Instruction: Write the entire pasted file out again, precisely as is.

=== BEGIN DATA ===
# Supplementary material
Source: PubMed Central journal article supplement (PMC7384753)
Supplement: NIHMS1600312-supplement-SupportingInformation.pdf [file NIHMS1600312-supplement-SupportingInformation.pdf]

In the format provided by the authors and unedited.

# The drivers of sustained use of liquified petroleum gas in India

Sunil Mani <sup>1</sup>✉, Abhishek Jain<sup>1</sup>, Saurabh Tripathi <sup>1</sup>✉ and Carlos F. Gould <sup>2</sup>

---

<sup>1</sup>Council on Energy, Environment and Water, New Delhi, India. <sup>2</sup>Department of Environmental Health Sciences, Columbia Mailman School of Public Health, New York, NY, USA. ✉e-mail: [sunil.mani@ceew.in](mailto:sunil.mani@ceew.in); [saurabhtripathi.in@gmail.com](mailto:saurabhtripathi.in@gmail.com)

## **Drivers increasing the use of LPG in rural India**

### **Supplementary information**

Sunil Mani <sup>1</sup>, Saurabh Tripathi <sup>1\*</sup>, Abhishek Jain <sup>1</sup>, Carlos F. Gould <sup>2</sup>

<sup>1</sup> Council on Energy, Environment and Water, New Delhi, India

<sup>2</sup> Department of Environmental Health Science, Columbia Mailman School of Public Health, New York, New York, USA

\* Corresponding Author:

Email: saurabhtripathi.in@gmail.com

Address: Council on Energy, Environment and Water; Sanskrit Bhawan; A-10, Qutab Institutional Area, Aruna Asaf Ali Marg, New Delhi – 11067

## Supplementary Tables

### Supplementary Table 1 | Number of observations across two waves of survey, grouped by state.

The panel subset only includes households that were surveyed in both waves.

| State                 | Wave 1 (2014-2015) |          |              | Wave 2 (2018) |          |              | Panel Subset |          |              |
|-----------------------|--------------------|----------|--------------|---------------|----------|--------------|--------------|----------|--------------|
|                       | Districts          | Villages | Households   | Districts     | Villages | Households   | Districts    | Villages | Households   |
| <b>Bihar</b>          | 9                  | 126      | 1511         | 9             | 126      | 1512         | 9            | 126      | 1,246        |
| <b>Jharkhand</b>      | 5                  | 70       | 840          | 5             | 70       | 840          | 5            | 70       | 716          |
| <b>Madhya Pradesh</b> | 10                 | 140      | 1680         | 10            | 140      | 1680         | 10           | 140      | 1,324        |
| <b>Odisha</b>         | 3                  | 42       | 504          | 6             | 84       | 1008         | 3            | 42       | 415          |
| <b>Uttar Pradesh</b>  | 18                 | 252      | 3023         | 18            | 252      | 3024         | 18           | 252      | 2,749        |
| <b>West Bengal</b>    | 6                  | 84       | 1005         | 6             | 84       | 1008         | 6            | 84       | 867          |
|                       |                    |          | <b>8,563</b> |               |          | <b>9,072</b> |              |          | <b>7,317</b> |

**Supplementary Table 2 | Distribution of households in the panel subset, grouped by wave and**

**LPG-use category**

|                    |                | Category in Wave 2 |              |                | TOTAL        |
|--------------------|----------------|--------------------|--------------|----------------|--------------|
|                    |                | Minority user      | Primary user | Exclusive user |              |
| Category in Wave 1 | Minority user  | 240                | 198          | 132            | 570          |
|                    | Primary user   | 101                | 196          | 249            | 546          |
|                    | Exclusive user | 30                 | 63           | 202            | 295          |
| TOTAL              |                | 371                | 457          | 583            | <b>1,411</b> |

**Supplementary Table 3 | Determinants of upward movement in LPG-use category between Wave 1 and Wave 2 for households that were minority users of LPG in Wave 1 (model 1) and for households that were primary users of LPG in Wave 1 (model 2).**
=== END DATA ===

# Supplementary material
Source: PubMed Central journal article supplement (PMC7384753)
Supplement: NIHMS1600312-supplement-SupportingInformation.pdf [file NIHMS1600312-supplement-SupportingInformation.pdf]

In the format provided by the authors and unedited.

# The drivers of sustained use of liquified petroleum gas in India

Sunil Mani <sup>1</sup>✉, Abhishek Jain<sup>1</sup>, Saurabh Tripathi <sup>1</sup>✉ and Carlos F. Gould <sup>2</sup>

---

<sup>1</sup>Council on Energy, Environment and Water, New Delhi, India. <sup>2</sup>Department of Environmental Health Sciences, Columbia Mailman School of Public Health, New York, NY, USA. ✉e-mail: [sunil.mani@ceew.in](mailto:sunil.mani@ceew.in); [saurabhtripathi.in@gmail.com](mailto:saurabhtripathi.in@gmail.com)

## **Drivers increasing the use of LPG in rural India**

### **Supplementary information**

Sunil Mani <sup>1</sup>, Saurabh Tripathi <sup>1\*</sup>, Abhishek Jain <sup>1</sup>, Carlos F. Gould <sup>2</sup>

<sup>1</sup> Council on Energy, Environment and Water, New Delhi, India

<sup>2</sup> Department of Environmental Health Science, Columbia Mailman School of Public Health, New York, New York, USA

\* Corresponding Author:

Email: saurabhtripathi.in@gmail.com

Address: Council on Energy, Environment and Water; Sanskrit Bhawan; A-10, Qutab Institutional Area, Aruna Asaf Ali Marg, New Delhi – 11067

## Supplementary Tables

### Supplementary Table 1 | Number of observations across two waves of survey, grouped by state.

The panel subset only includes households that were surveyed in both waves.

| State                 | Wave 1 (2014-2015) |          |              | Wave 2 (2018) |          |              | Panel Subset |          |              |
|-----------------------|--------------------|----------|--------------|---------------|----------|--------------|--------------|----------|--------------|
|                       | Districts          | Villages | Households   | Districts     | Villages | Households   | Districts    | Villages | Households   |
| <b>Bihar</b>          | 9                  | 126      | 1511         | 9             | 126      | 1512         | 9            | 126      | 1,246        |
| <b>Jharkhand</b>      | 5                  | 70       | 840          | 5             | 70       | 840          | 5            | 70       | 716          |
| <b>Madhya Pradesh</b> | 10                 | 140      | 1680         | 10            | 140      | 1680         | 10           | 140      | 1,324        |
| <b>Odisha</b>         | 3                  | 42       | 504          | 6             | 84       | 1008         | 3            | 42       | 415          |
| <b>Uttar Pradesh</b>  | 18                 | 252      | 3023         | 18            | 252      | 3024         | 18           | 252      | 2,749        |
| <b>West Bengal</b>    | 6                  | 84       | 1005         | 6             | 84       | 1008         | 6            | 84       | 867          |
|                       |                    |          | <b>8,563</b> |               |          | <b>9,072</b> |              |          | <b>7,317</b> |

**Supplementary Table 2 | Distribution of households in the panel subset, grouped by wave and**

**LPG-use category**

|                    |                | Category in Wave 2 |              |                | TOTAL        |
|--------------------|----------------|--------------------|--------------|----------------|--------------|
|                    |                | Minority user      | Primary user | Exclusive user |              |
| Category in Wave 1 | Minority user  | 240                | 198          | 132            | 570          |
|                    | Primary user   | 101                | 196          | 249            | 546          |
|                    | Exclusive user | 30                 | 63           | 202            | 295          |
| TOTAL              |                | 371                | 457          | 583            | <b>1,411</b> |

**Supplementary Table 3 | Determinants of upward movement in LPG-use category between Wave 1 and Wave 2 for households that were minority users of LPG in Wave 1 (model 1) and for households that were primary users of LPG in Wave 1 (model 2).**